Edward Morgan: Comedy Ensues When Discovering Your Husband Is Your Cousin

This entry is part of the 52 Ancestors in 52 Weeks series.  This week’s prompt is Comedy.  (To see other posts in this series, view my 52 Ancestors in 2019 index

A few unrelated genealogy happenings have aligned the past few weeks to give our family some laughs, culminating in my finding a new cousin — my husband!

We took a family road trip to Kentucky earlier this month and included stops at Daniel Boone’s grave, Fort Boonesborough, and Cumberland Gap National Park purely for their historical value. A few weeks before the trip, my husband’s cousin who does Collins research reminded me that their family is related to Daniel Boone. He is my husband’s 7x-great-uncle; therefore, the boys’ 8x-great-uncle! Our historical sightseeing quickly turned into a mini-genealogy road trip. We checked out age-appropriate books from the library about Daniel Boone’s life and had fun learning more about this distant relative — and then bringing his frontier story to life for our sons.

Daniel Boone Grave at Frankfurt Cemetery in Frankfurt, Kentucky
Collins Brothers at Fort Boonesborough, Kentucky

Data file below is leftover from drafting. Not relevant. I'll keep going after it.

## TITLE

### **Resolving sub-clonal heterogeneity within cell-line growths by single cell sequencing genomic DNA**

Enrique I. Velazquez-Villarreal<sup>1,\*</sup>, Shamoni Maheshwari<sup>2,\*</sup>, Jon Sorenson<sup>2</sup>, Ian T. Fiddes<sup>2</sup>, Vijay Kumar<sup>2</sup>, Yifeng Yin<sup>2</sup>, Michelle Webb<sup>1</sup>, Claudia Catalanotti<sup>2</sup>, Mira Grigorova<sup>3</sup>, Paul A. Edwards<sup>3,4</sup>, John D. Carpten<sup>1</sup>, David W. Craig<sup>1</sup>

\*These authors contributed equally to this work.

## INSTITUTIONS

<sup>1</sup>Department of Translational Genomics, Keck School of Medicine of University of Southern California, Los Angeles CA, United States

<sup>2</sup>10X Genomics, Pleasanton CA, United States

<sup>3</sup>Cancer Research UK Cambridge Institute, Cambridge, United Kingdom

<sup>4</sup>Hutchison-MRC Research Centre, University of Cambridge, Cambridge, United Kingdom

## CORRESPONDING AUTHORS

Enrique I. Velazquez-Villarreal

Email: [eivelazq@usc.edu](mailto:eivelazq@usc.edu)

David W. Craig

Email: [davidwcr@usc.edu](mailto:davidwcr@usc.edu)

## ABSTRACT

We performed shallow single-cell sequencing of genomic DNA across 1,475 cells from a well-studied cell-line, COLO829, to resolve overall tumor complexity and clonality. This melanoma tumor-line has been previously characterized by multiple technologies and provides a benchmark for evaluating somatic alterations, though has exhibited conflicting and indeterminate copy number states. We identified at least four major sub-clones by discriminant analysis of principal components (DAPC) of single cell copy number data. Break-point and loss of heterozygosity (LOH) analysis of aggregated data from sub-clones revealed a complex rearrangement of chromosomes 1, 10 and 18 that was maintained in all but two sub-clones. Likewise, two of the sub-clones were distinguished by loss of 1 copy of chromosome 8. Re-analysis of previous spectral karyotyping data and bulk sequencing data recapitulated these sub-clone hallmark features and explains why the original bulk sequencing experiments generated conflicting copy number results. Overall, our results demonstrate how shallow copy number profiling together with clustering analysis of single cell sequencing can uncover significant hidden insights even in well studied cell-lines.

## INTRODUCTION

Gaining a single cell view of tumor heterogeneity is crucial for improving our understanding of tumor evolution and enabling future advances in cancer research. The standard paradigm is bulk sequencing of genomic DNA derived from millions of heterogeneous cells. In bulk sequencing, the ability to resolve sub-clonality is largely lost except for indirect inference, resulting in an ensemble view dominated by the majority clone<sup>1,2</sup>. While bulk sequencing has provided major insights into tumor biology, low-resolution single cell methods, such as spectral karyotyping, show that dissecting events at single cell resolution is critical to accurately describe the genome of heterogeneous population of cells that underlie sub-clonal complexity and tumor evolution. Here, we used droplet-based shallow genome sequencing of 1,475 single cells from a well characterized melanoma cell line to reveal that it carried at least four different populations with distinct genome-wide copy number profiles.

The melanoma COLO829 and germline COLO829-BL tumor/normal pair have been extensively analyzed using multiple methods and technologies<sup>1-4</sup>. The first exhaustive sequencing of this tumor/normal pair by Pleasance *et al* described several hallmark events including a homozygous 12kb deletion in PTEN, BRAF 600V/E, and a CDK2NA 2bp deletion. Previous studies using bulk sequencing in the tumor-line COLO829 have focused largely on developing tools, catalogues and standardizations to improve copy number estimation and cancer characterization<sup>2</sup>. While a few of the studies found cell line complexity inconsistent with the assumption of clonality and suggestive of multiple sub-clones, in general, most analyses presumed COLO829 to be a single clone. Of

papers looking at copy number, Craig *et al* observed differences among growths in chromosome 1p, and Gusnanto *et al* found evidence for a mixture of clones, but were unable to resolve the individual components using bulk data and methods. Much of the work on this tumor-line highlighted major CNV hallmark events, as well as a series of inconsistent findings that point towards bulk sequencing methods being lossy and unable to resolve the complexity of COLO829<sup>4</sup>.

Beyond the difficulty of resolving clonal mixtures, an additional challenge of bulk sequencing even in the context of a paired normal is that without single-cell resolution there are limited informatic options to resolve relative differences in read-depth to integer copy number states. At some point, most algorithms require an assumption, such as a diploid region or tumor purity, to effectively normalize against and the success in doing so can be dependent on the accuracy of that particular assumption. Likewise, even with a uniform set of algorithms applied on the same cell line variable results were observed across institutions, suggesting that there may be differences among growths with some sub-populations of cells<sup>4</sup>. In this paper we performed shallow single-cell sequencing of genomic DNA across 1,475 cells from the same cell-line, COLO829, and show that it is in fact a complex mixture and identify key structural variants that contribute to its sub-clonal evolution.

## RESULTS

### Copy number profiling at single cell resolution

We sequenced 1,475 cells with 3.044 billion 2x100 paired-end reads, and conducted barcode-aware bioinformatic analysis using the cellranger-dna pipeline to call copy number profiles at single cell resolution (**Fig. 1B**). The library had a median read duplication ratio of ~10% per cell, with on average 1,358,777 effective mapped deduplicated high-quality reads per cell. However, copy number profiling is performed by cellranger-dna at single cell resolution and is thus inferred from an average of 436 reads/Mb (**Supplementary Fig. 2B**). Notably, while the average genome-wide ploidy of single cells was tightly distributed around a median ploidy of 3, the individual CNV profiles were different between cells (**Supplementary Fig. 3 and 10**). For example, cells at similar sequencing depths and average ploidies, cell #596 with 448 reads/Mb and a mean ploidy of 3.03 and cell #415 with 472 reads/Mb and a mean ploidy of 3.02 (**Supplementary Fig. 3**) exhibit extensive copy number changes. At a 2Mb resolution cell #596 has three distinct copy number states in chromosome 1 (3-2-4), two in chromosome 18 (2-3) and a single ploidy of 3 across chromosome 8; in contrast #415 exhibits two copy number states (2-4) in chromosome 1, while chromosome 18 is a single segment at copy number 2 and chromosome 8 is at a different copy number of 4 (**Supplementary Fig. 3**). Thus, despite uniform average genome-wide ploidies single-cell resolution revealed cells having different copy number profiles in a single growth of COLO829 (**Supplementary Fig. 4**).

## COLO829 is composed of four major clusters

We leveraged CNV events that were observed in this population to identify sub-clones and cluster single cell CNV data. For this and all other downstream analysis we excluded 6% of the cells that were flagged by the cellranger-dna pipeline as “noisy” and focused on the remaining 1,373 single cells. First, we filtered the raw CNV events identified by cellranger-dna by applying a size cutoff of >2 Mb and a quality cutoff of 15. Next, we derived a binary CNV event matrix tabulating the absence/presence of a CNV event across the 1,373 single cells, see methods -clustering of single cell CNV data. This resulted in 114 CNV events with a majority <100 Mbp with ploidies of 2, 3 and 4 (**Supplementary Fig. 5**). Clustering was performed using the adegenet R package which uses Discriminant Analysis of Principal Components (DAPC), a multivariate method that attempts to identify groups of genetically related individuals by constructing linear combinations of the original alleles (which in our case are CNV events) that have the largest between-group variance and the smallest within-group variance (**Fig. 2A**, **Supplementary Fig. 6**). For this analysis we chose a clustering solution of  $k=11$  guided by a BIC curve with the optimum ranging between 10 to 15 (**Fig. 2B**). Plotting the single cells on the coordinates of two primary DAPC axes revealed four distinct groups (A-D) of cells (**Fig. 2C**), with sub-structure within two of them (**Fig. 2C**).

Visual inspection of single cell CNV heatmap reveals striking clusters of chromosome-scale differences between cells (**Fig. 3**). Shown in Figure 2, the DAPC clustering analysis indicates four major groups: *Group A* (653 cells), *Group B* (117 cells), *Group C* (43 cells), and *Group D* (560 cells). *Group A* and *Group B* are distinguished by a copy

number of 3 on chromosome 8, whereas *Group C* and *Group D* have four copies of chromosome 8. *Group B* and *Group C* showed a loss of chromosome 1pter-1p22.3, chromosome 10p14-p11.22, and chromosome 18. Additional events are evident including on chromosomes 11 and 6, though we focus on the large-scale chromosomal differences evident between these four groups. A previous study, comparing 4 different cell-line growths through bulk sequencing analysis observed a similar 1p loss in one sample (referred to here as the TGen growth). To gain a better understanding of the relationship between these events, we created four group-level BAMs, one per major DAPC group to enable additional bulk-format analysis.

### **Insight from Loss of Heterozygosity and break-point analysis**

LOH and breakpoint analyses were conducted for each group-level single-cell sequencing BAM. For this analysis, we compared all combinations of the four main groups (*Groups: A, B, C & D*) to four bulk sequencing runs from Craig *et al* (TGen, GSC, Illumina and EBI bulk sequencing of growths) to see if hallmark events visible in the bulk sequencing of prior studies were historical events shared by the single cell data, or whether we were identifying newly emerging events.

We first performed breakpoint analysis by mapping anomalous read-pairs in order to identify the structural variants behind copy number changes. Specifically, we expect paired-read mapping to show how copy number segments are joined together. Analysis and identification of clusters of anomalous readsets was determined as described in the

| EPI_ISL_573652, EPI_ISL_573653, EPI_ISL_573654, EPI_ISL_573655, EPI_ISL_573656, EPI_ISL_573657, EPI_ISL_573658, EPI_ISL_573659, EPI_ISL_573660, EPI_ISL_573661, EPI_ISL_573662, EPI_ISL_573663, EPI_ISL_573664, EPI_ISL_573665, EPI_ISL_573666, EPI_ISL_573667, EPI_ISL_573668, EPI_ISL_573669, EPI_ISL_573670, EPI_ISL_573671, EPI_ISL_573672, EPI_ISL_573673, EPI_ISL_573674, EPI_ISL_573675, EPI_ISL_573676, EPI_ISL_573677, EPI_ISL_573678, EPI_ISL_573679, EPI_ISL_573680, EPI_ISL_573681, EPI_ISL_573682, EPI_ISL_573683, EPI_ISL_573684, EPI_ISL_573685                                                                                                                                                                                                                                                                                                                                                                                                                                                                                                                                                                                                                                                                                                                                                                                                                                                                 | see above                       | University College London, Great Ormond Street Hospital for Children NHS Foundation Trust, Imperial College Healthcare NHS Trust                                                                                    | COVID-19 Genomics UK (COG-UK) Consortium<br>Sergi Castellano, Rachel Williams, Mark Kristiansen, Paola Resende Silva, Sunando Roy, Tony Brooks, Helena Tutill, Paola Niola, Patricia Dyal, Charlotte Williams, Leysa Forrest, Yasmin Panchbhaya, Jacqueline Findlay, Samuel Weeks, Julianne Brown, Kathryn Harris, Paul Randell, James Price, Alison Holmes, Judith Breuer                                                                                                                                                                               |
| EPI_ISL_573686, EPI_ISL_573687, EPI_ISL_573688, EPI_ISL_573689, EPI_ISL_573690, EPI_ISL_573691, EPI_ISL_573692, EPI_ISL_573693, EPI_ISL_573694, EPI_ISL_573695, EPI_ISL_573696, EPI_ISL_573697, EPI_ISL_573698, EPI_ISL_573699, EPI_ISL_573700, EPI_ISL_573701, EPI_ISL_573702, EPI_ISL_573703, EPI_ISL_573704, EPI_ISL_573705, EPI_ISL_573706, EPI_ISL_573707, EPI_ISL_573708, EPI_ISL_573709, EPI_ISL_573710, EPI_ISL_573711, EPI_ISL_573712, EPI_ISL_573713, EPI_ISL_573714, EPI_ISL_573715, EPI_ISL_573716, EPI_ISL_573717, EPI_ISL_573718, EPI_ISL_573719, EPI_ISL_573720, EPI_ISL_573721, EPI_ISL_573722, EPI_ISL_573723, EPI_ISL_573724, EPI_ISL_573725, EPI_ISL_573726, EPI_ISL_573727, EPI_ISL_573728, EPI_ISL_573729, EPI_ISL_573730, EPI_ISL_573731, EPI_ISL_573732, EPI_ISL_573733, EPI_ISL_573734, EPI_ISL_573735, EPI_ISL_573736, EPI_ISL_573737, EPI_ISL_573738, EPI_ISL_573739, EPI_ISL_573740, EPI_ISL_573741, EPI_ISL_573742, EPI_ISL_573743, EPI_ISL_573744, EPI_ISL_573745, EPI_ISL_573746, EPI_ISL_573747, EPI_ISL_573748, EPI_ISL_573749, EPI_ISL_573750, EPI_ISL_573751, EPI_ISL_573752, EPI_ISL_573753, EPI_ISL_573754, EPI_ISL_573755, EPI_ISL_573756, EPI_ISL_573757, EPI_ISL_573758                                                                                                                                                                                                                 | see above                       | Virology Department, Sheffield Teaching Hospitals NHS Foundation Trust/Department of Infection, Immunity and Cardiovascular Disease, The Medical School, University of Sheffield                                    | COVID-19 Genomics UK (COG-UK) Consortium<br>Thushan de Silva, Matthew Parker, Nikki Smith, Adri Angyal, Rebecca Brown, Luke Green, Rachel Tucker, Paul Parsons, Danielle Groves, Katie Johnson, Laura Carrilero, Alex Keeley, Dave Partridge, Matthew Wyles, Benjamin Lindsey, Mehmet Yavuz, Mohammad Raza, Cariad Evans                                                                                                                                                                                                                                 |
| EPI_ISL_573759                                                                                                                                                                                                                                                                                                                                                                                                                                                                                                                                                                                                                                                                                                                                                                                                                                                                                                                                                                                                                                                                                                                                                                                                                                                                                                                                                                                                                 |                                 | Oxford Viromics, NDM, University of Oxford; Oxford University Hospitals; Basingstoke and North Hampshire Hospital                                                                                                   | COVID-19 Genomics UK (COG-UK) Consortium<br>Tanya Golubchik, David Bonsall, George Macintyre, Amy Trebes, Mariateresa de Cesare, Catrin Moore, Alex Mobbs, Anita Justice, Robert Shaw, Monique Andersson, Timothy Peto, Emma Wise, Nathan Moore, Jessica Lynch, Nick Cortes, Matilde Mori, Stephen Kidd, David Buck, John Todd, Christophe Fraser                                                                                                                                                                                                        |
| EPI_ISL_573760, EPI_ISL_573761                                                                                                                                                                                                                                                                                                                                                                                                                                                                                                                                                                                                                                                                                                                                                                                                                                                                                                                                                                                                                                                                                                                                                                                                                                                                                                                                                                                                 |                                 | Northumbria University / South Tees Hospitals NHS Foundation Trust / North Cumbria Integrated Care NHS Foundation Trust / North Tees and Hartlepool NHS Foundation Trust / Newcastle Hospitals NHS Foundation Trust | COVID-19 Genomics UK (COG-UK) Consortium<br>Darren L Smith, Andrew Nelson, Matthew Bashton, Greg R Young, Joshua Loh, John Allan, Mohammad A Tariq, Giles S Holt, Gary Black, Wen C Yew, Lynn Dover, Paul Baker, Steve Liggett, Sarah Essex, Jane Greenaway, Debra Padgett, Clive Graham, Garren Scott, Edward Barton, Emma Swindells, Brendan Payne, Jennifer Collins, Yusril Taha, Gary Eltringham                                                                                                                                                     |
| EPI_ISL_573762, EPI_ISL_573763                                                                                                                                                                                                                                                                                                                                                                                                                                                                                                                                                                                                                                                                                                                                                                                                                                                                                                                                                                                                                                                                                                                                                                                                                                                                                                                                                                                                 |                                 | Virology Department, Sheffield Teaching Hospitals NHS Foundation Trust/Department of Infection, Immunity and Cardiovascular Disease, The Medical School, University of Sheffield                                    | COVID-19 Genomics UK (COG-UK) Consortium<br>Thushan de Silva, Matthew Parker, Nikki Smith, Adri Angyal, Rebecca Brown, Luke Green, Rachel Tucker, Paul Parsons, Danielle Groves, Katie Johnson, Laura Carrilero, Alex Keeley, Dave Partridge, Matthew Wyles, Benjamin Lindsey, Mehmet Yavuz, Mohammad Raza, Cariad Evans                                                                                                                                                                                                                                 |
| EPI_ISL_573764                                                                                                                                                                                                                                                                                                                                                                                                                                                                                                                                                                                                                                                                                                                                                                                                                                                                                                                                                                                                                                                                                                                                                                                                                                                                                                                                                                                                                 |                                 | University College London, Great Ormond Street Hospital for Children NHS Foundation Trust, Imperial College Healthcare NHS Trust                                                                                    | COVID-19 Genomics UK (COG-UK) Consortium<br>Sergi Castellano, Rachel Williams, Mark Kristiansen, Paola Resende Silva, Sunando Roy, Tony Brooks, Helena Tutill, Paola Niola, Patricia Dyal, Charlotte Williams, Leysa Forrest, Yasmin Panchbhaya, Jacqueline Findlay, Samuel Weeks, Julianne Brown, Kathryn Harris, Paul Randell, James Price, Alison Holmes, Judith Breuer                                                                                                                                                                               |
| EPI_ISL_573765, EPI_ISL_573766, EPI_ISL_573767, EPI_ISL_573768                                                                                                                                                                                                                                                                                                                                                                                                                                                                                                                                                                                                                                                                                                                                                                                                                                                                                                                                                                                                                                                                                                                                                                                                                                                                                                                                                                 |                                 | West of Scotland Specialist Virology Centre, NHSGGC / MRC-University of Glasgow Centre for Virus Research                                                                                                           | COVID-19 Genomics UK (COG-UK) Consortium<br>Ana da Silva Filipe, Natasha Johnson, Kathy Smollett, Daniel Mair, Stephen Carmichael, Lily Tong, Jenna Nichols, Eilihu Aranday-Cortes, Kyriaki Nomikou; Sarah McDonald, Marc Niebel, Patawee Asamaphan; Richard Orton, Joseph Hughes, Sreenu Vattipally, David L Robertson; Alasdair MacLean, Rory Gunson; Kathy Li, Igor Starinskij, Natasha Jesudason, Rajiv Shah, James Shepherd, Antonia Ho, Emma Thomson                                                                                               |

Hiking at Cumberland Gap National Park

After our trip, my grandfather’s half-sister emailed me about several research topics, including if I believed we were related to Daniel Boone through our Guess family. She doesn’t use Facebook and hadn’t seen our vacation photos, so she didn’t realize the great timing of her inquiry. I haven’t thoroughly researched our Guess family, but I took her clues and quickly discovered she was correct — it looks like I’m related to Daniel Boone, too!

I went to bed one evening with a husband and woke up the next morning with my 9th cousin. Our shared ancestors are Edward and Elizabeth Morgan, Daniel Boone’s maternal grandparents.

Morgan/Boone Connections for Me and My Husband

Because he is integral to this comedic finding, I’m profiling Edward Morgan in this post. I’ve only had two days to learn about Edward, so most of my information is from Ella Hazel Atterbury Spraker’s The Boone Family: A Genealogical History of the Descendants of George and Mary Boone Who Came to America in 1717. This work references land and church records and provides great guidance for me to access these original source documents in a future research project.

Because Edward Morgan was the father of Daniel Boone’s mother Sarah, he has been extensively studied by researchers. Unfortunately, no definitive information about his origins are known, as up to four men by this same name lived near one another and are often conflated. What is certain about “our” Edward is that he was a Welsh immigrant who settled in Gwynedd, Pennsylvania, in 1704. He was of the Quaker faith and attended the Gwynedd Friends Meeting. Much of the information about his life has been gleaned from their church records.